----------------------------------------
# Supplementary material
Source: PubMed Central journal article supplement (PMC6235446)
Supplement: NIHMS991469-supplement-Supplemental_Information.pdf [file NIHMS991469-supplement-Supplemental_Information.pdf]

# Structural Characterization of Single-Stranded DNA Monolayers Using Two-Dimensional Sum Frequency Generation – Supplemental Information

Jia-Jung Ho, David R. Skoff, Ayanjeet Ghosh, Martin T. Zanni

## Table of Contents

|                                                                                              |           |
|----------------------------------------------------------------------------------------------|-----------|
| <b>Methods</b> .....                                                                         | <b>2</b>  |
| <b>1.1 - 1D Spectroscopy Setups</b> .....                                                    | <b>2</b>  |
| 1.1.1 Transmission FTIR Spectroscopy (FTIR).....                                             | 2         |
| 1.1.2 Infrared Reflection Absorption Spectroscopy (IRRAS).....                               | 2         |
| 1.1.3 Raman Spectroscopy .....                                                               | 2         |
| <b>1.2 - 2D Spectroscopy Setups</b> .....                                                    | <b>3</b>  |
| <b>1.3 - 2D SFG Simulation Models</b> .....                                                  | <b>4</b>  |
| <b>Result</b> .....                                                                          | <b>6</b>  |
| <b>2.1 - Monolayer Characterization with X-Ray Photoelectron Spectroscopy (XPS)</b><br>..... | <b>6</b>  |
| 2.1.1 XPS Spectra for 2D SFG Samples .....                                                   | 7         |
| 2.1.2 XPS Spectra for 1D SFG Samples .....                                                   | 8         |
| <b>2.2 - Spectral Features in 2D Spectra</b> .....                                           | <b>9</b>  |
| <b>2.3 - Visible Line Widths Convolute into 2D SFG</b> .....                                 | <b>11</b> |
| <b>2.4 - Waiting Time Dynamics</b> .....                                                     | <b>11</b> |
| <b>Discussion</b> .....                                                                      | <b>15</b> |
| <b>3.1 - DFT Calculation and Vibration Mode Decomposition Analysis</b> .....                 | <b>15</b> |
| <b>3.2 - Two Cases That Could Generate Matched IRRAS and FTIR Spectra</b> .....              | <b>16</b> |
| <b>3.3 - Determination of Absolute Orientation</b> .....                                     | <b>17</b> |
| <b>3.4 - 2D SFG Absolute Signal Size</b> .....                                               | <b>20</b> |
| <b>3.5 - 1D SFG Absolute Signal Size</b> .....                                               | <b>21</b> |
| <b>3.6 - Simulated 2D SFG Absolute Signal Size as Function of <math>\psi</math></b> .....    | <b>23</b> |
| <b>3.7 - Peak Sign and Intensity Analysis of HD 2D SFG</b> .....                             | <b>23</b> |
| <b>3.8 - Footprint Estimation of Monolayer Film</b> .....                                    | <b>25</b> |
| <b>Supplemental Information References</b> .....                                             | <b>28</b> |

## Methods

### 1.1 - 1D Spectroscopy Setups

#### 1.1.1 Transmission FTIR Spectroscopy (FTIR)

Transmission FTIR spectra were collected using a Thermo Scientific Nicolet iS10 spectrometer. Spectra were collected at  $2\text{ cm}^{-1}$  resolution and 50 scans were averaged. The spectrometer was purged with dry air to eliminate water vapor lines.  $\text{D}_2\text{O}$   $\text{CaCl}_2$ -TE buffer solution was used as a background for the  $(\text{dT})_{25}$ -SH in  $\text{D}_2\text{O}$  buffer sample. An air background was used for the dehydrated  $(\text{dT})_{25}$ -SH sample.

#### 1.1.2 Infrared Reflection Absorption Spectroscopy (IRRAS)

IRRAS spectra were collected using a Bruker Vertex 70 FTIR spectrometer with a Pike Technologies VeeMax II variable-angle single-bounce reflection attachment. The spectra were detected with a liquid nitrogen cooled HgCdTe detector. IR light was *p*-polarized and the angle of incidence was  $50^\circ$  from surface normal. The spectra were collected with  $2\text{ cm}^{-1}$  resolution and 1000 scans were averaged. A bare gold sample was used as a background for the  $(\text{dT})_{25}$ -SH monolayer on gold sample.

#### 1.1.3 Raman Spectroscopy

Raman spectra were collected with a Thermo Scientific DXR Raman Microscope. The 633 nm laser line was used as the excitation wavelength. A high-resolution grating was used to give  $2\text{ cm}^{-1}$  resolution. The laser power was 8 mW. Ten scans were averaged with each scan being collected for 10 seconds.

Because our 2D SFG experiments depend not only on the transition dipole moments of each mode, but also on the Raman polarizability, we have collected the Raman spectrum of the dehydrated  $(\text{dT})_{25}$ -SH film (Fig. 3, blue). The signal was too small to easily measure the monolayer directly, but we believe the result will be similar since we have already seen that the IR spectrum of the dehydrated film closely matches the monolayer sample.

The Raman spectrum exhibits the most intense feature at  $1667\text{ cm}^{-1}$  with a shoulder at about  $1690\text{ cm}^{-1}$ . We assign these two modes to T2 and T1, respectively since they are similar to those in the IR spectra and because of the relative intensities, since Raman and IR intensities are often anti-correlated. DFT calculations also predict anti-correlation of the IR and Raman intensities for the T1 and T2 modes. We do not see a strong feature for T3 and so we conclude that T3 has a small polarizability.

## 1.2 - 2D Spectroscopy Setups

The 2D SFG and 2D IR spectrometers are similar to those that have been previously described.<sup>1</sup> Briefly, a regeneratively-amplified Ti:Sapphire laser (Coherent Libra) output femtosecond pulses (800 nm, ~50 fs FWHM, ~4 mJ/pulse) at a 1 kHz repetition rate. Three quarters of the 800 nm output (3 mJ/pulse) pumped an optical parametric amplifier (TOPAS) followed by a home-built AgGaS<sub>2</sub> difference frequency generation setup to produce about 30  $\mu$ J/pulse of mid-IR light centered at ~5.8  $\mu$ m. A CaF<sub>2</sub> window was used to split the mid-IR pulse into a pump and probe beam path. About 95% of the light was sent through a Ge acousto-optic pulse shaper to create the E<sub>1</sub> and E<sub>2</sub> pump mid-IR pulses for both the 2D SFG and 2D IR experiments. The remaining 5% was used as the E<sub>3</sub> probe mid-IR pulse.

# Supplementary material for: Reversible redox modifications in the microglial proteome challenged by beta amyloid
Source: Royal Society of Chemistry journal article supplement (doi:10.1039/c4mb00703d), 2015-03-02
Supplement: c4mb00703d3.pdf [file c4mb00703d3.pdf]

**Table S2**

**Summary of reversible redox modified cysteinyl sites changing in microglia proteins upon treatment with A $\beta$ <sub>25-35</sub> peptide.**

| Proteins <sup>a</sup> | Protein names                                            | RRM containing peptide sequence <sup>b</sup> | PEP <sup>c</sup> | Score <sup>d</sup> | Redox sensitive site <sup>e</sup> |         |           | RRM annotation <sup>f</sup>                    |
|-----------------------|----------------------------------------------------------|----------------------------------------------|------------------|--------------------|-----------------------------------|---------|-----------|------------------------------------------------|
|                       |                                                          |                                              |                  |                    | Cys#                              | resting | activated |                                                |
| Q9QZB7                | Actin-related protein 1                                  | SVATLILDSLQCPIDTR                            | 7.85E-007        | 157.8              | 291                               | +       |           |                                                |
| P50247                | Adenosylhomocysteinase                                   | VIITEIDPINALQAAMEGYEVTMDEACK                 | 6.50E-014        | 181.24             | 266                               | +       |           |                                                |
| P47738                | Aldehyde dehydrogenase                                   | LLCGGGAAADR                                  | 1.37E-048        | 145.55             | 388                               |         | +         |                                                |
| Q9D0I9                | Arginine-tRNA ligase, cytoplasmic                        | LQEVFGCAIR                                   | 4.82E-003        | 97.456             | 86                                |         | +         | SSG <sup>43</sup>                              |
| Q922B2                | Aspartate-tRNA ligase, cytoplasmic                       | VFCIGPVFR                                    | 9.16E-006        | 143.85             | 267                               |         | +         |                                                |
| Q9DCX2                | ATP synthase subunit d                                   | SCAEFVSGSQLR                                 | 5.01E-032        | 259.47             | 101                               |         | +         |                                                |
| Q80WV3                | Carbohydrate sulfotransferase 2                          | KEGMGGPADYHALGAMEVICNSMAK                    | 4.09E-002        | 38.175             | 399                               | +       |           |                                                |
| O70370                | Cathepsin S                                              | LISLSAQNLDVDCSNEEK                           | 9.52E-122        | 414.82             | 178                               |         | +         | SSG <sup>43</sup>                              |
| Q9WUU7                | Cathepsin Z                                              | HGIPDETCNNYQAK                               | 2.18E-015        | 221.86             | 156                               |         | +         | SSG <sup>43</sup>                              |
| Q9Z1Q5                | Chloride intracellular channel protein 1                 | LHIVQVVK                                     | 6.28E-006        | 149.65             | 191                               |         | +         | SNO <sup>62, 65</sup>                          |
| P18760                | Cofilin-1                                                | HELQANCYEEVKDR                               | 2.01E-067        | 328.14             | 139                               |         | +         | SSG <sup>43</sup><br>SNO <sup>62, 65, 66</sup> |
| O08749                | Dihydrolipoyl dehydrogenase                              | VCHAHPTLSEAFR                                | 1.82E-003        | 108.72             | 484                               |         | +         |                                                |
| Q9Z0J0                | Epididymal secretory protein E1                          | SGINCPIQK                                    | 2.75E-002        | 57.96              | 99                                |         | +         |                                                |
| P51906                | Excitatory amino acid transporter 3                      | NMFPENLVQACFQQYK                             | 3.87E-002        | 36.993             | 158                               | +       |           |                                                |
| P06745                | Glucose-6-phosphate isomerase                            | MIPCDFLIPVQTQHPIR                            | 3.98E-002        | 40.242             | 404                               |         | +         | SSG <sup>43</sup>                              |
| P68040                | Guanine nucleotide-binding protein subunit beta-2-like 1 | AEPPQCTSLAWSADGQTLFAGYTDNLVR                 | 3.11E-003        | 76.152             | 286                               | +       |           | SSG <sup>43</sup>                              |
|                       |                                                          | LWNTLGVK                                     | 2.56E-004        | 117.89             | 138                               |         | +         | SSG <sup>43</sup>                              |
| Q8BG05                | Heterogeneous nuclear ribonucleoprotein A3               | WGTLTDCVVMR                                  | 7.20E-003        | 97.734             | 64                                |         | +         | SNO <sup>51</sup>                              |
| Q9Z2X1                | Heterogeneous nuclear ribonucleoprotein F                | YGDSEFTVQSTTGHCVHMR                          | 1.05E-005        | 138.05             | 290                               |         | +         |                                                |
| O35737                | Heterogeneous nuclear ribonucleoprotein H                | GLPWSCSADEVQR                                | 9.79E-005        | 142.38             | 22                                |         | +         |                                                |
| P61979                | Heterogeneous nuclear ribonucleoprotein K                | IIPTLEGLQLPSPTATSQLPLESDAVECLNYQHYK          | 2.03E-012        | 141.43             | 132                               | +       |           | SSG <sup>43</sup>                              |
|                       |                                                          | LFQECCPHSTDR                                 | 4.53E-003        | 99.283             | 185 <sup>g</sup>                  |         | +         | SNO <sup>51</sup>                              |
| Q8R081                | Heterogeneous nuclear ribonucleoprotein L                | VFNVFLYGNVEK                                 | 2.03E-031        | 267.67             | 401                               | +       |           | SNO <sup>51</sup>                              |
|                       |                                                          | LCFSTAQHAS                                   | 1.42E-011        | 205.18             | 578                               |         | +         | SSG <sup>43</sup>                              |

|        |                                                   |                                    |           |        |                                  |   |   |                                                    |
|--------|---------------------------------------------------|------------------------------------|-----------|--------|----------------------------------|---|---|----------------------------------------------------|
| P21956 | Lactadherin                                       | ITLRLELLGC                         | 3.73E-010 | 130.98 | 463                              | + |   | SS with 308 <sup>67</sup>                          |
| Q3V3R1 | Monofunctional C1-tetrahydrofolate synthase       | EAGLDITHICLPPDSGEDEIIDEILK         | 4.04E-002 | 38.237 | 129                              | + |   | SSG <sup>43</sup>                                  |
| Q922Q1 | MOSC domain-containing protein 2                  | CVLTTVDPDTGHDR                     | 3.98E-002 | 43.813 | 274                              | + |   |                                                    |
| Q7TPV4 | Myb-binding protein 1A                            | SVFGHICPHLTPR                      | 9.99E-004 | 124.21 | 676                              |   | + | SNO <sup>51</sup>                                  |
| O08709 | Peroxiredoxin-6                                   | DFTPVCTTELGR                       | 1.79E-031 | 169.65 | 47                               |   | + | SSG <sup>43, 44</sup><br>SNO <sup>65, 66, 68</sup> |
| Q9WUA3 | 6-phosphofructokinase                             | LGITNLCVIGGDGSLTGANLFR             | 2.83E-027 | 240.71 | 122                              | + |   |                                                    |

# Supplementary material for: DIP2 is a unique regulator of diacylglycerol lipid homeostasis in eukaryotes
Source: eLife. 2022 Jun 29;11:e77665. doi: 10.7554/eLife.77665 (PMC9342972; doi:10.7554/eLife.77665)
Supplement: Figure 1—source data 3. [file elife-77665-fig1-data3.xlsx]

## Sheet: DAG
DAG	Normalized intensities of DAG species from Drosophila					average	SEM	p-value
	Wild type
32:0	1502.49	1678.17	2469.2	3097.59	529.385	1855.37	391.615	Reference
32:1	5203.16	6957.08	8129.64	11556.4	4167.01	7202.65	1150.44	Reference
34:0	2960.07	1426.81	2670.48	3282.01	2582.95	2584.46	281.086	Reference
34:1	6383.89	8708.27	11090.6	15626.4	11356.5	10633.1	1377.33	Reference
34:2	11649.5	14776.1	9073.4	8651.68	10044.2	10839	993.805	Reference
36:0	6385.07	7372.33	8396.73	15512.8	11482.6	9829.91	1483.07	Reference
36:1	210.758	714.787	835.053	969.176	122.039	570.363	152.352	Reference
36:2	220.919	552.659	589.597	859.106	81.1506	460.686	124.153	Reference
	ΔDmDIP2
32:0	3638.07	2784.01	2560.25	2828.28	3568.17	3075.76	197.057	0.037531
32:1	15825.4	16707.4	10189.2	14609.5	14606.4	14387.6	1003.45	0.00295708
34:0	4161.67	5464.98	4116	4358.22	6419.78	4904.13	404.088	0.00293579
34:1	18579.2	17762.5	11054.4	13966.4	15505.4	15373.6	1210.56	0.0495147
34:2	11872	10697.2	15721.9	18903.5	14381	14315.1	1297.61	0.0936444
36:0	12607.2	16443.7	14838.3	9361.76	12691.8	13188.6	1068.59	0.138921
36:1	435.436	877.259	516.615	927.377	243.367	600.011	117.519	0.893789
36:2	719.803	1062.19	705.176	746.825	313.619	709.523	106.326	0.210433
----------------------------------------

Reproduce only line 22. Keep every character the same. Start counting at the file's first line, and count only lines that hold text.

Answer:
| <b>2.4 - Waiting Time Dynamics</b> .....                                                     | <b>11</b> |